In Karuk language, this area was known as Ueeti-luk.
Ishi Pishi Falls can be viewed from the highway and is more whitewater than a " waterfalls ".
Rafters should be aware that Ishi Pishi is unrunable


Abraham Somes, with partner and friend, William Tripp, built the town in the early 1850s to supply miners in the area.

Somes Bar originally was located about a mile and a half up the Salmon River, but floods and fire over the years resulted in its relocation.
The Tripp and Conrad families still make up a large portion of the residents in the area today.

In the spring of 1851, miners flocked into the Salmon River area. They came poorly equipped and expected pack trains to supply their food.
A snow storm blocked all access and the men had to eat their mules and shoe leather to survive. This was known as "Salmon River Starvation Times

Junction School District was first established in 1892. This is a primary school- currently with two teachers, one of whom is the principal.

President Herbert Hoover had a hideaway cabin on Whooley Creek, His personal interest was partly responsiable for protecting the Marble Mountains as a Wilderness Area


The rugged steep mountains surrounding the area allow for only three hours of sunshine during winter.

Following Ishi Pishi road behind the store for a half mile will take you to a magnificent aerial view of the mouth of the Salmon River entering the Klamath

Osprey Sites:

Along the 180-mile length of the Klamath, many nests can be found that are built on top of sturdy trees overlooking the river.

The pioneers regarded the Osprey as a fish crow. Its diet is strictly live or injured fish, mainly the river suckers. The birds arrive in early April.

The Osprey fishes constantly, whereas the Bald Eagle is an opportunist, many times diving on the Osprey to steal its catch.

Orleans

Services: Forest Service District office, gas, restaurant, lodging, campgrounds, RV parks, post office, medical clinic, retail stores, guide service, Karuk Tribe

In Karuk, Orleans is Panámniik and roughly translates as "the flat place."

Captain Tompkins and Bob Williams explored the Klamath River in the spring of 1850 and named the place New Orleans Bar. They wrongly assumed the Klamath River would be navigable nearly all the way to its source.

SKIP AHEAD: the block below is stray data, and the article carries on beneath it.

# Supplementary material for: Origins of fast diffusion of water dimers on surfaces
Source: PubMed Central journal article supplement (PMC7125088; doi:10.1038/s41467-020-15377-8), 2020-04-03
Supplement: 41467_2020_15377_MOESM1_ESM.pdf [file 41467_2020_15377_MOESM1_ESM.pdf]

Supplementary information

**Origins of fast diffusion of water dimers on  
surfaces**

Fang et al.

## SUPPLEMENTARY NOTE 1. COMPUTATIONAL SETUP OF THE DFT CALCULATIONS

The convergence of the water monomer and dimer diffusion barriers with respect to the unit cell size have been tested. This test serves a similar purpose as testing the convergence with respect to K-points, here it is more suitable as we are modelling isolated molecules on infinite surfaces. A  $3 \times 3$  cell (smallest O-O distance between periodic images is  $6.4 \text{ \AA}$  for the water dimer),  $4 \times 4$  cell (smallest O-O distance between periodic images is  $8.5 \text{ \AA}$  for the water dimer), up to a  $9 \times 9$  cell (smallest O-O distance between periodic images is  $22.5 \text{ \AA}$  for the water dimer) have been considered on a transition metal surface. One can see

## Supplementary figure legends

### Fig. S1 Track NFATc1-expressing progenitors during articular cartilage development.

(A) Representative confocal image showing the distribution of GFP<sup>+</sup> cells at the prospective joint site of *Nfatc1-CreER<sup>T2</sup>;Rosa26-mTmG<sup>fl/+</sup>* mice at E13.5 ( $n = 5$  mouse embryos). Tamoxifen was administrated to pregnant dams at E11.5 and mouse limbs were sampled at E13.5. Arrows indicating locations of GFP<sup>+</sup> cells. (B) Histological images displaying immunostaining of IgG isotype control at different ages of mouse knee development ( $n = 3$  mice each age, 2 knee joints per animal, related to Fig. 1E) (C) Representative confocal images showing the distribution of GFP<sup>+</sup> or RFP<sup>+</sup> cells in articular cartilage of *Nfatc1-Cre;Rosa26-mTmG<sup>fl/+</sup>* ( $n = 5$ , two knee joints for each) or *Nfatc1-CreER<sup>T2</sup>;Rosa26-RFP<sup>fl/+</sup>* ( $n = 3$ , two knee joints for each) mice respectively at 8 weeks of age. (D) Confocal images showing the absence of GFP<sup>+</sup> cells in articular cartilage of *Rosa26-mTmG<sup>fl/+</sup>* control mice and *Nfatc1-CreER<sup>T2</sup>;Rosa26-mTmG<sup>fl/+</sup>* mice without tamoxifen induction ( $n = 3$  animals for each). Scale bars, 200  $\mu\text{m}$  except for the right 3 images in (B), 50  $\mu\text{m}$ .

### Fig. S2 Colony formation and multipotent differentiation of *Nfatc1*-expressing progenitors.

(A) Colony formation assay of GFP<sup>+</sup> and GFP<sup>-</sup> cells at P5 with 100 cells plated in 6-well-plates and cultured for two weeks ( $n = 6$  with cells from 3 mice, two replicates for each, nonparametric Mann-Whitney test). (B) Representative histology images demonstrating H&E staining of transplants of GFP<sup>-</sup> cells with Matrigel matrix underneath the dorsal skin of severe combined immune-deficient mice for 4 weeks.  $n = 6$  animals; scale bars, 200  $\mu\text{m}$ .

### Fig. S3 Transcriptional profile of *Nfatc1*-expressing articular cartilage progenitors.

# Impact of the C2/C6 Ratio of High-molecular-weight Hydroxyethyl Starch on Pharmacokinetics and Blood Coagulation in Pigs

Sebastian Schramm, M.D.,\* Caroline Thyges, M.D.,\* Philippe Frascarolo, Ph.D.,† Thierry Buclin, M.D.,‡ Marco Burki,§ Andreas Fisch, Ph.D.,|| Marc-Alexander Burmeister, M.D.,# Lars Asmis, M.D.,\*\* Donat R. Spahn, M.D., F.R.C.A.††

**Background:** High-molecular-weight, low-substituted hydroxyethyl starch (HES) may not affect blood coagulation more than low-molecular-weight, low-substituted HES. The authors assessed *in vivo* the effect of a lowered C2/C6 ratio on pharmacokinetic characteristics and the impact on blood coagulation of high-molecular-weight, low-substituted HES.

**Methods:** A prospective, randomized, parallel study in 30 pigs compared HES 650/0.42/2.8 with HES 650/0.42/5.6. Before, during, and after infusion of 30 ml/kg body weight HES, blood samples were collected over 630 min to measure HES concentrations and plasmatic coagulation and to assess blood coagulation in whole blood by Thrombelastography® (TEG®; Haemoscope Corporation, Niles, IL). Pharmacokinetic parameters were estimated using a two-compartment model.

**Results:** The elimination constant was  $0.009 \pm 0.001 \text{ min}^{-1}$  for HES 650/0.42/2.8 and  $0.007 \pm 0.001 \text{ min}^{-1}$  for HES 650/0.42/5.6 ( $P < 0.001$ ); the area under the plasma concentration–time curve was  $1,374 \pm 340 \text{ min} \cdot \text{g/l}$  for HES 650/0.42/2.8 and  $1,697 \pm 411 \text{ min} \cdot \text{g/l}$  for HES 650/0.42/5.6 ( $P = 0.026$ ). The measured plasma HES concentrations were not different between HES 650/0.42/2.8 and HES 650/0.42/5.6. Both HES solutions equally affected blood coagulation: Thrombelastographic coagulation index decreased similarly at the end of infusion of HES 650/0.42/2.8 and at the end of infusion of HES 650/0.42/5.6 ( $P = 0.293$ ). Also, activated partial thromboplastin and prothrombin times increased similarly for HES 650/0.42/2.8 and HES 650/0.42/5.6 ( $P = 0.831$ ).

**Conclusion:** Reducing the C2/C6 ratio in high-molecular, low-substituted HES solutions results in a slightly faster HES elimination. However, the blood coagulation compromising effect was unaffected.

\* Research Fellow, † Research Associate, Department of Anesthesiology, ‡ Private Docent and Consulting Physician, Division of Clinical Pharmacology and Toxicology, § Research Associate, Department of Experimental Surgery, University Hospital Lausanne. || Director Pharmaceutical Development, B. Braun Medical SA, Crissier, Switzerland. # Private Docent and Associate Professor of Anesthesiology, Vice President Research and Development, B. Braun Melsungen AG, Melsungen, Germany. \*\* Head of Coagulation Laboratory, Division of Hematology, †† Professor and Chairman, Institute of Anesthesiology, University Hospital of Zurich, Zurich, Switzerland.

The town improved as more miners moved into the area and Orleans prospered, becoming a main supply center. The historic hotel was also a payroll station for the military post and a stopping point for pack trains.

The place name "Red Cap" is for a Tribal leader who always wore a red woolen headpiece that had been given to him by a miner.
He was friendly to the whites, influential, and of high moral character. As an example of his justice, one story from 1851 describes the theft of a white man's gun, presumably by someone from Red Cap's Tribe.

To pay back the cost of the $30 gun, Red Cap imposed an excise tax of 50¢ on all salmon that were sold to the packers and miners. After the gun was paid for, the oppressive tax was dropped.
President Hoover spent much time staying at the local hotel as did many other famous people.

It was suggested to Hoover that Orleans become the "Western White House."
For birdwatchers, several pair of Red Shouldered Hawks has nests in this valley and their song can be easily heard.

The first Orleans Bridge was constructed in 1912. A discarded cigarette was believed to have caused the wooden bridge to be destroyed by fire in 1921.

Twenty brave men fought the fire from the burning bridge by lowering water buckets into the river. Suddenly the wire cables snapped, dumping the men into the river where one was killed.

The people of Orleans resorted to crossing the river in canoes again until the bridge was rebuilt.
This historic suspension bridge was the last of its type to be built in the nation.

This concludes our tour along the Big Foot Scenic Byway.

Big Foot Statue, Willow Creek, California
Big Foot Statue, Happy Camp, California
Big Foot Statue, Happy Camp, California

At Weitchpec, the byway begins heading northeast along the Klamath River.

This part of the route has the dubious distinction of having yielded the only loosely authenticated photographs of the man/ape creature known as Bigfoot.

Plaster casts of the creature's footprints were also made in this area in 1992



 

Willow Creek, was settled by Chinese laborers from the mining and lumber camps.

Considered the official "gateway to Bigfoot Country", the city boasts a wooden statue of Bigfoot at the Don Cave Memorial Park, and the Bigfoot Museum which traces the Highway 96 and the Trinity River, and cuts through the Hoopa Valley Indian Reservation, which today encompasses over 144 square miles in the heart of the Hupa people's original homeland.

The reservation is home to the very first military fort in the area and the Hoopa Tribal Museum.

The museum displays a fine collection of Indian basketry, ceremonial regalia, and redwood canoes used by the local Hoopa, Yurok, and Karuk tribes.

In addition to the displays in the museum, tours of several culturally significant areas can be arranged by calling the museum at 530-625-4110.